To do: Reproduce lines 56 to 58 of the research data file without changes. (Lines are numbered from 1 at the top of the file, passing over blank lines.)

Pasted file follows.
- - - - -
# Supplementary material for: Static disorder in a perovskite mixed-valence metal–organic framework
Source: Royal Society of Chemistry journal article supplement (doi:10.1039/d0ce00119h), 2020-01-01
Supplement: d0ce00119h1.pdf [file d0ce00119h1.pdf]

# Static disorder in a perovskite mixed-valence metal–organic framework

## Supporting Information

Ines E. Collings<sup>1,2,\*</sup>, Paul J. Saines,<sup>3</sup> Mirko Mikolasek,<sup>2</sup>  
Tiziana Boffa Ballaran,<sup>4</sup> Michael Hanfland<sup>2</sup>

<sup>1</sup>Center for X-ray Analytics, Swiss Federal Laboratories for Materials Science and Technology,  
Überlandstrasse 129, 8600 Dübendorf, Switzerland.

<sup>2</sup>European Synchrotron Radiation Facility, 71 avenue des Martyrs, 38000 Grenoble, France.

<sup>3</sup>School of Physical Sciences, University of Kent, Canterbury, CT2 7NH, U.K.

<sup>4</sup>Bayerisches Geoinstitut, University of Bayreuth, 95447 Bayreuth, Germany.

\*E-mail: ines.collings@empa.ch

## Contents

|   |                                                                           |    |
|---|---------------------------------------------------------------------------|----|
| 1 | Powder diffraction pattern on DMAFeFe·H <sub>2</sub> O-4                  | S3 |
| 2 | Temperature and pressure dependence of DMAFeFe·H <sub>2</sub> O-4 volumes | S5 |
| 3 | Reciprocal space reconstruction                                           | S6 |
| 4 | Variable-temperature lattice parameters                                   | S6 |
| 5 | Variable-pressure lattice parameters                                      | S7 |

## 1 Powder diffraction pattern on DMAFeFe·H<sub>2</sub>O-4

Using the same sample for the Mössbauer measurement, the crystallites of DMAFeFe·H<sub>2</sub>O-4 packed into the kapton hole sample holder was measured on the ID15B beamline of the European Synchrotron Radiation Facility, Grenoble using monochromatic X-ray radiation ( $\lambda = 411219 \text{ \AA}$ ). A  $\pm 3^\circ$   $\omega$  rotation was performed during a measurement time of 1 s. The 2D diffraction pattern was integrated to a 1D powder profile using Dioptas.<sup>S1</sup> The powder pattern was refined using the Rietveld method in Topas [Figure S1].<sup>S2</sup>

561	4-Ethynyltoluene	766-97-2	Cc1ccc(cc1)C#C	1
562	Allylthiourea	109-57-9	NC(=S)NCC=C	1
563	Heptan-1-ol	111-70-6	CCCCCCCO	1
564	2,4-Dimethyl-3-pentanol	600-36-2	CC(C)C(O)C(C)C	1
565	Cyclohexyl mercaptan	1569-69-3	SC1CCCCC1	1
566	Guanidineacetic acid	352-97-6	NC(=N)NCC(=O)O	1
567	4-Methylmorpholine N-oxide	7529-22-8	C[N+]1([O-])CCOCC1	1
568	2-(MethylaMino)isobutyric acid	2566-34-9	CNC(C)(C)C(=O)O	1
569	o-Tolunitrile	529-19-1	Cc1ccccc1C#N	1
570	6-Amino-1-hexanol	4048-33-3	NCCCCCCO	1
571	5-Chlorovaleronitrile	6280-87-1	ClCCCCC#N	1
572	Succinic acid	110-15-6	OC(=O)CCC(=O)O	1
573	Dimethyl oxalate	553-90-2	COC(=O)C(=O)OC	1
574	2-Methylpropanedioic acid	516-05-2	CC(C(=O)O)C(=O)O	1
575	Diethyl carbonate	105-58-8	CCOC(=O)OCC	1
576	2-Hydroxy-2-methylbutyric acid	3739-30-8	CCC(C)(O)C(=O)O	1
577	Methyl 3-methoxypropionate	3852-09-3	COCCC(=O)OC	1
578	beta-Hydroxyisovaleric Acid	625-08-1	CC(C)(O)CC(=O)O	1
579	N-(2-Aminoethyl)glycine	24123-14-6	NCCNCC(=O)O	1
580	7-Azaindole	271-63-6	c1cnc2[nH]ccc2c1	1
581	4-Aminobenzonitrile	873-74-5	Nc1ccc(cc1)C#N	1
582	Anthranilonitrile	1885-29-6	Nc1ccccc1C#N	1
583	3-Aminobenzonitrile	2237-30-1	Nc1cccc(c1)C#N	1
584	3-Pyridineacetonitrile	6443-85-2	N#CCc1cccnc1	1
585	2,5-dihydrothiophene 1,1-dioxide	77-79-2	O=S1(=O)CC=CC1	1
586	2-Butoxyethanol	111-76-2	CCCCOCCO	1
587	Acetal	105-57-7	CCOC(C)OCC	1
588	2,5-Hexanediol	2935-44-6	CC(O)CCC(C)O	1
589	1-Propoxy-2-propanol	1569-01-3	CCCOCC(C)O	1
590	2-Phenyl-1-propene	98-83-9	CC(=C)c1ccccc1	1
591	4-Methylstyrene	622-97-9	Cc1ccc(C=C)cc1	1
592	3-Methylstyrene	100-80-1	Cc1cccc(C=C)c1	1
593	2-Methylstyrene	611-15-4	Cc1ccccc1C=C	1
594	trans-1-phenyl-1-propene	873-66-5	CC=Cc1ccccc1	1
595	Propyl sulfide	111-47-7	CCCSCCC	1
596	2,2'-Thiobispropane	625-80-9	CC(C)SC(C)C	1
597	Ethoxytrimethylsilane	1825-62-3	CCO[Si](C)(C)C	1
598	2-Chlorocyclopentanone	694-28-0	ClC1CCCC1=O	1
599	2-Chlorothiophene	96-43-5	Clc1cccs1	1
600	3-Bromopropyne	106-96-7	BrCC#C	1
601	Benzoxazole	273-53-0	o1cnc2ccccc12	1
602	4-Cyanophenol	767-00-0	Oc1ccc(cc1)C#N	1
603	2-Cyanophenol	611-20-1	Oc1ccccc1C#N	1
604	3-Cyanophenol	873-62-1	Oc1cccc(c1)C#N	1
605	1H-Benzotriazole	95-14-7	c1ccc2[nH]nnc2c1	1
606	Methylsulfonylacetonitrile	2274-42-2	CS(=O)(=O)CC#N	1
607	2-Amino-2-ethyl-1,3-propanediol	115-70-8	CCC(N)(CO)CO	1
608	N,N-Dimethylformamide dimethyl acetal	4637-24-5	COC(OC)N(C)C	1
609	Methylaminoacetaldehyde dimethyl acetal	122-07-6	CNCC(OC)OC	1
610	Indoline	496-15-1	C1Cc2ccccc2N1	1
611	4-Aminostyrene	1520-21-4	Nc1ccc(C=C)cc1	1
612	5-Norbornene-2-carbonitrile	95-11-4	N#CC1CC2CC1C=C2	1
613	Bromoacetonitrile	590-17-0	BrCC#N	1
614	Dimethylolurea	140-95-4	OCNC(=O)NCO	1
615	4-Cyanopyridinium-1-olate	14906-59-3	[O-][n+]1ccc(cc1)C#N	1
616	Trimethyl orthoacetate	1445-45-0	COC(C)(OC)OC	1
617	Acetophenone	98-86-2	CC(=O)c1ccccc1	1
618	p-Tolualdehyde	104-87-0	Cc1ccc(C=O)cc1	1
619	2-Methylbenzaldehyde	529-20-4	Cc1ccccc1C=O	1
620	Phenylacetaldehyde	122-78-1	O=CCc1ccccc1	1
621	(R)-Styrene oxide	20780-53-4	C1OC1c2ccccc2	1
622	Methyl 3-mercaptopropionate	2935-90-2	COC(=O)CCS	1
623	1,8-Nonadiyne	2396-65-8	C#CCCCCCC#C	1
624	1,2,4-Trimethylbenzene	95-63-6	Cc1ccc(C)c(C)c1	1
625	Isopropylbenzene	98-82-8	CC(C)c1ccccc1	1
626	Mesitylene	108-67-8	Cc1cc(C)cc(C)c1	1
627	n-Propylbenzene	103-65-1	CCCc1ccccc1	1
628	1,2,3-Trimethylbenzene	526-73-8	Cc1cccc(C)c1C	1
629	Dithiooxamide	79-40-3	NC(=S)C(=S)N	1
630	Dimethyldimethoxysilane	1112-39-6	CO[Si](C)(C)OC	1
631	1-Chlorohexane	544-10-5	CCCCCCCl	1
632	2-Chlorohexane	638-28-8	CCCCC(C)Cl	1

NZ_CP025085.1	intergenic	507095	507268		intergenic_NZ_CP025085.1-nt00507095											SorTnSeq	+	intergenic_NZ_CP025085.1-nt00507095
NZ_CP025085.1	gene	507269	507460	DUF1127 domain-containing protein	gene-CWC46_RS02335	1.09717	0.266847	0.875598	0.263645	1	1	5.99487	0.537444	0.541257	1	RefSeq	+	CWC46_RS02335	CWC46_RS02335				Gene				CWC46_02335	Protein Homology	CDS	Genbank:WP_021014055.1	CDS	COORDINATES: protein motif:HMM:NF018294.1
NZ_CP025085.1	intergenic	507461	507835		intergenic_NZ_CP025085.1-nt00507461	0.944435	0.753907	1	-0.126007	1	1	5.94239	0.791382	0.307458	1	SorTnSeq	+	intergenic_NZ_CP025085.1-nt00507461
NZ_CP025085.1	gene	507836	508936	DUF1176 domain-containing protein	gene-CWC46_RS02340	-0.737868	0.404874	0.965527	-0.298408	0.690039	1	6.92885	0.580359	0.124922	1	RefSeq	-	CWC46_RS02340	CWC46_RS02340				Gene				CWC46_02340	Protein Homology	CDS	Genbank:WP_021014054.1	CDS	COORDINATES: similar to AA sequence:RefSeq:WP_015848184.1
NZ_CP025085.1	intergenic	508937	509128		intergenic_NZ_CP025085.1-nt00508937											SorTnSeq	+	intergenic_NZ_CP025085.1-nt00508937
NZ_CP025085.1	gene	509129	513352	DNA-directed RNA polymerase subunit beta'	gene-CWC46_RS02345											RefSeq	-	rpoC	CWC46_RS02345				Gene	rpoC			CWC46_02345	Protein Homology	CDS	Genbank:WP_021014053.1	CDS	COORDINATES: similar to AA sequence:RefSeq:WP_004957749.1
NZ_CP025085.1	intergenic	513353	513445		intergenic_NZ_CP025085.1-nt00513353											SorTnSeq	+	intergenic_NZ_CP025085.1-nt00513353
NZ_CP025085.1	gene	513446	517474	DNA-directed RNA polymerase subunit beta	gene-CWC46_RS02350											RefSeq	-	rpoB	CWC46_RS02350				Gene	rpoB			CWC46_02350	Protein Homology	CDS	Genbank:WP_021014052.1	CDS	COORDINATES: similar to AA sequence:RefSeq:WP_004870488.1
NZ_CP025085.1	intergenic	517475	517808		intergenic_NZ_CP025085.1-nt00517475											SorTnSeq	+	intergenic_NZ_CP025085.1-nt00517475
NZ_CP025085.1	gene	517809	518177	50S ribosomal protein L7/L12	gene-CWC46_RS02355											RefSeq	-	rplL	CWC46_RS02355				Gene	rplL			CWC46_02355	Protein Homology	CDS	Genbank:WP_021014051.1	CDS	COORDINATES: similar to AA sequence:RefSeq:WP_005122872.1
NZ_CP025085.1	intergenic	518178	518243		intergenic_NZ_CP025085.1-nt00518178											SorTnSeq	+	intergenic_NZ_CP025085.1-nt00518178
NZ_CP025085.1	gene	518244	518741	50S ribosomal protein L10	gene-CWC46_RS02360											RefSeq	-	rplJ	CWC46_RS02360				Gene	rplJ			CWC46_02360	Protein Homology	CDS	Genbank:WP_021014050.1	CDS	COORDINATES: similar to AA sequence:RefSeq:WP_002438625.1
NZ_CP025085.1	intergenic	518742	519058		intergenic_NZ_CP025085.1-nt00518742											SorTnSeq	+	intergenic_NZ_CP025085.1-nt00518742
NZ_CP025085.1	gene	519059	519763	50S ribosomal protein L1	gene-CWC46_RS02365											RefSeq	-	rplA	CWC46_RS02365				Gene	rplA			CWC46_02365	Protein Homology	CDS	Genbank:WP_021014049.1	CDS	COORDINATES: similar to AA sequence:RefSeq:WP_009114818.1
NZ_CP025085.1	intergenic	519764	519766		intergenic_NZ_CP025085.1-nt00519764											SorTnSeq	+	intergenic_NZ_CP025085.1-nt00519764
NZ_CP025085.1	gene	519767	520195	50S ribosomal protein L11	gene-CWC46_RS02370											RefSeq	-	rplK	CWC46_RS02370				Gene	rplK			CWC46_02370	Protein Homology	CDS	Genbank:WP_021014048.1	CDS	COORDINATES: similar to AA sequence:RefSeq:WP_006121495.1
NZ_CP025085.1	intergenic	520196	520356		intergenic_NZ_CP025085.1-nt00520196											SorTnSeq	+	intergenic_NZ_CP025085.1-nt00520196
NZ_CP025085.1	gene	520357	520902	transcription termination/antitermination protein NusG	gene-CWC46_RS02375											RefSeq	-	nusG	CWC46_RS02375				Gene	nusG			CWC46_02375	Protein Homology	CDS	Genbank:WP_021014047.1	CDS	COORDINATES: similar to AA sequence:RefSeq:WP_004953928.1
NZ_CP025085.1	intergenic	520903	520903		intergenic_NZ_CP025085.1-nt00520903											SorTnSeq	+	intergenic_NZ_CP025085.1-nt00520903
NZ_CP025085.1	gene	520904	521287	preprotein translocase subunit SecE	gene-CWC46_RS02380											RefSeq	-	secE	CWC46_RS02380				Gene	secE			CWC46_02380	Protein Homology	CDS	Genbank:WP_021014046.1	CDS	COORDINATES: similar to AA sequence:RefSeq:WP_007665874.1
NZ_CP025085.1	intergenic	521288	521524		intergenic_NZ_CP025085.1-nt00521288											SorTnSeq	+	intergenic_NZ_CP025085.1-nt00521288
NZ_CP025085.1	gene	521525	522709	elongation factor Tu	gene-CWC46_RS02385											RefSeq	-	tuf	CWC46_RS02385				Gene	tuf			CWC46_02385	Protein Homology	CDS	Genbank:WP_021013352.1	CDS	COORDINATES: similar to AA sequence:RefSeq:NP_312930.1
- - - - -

593	2-Methylstyrene	611-15-4	Cc1ccccc1C=C	1
594	trans-1-phenyl-1-propene	873-66-5	CC=Cc1ccccc1	1
595	Propyl sulfide	111-47-7	CCCSCCC	1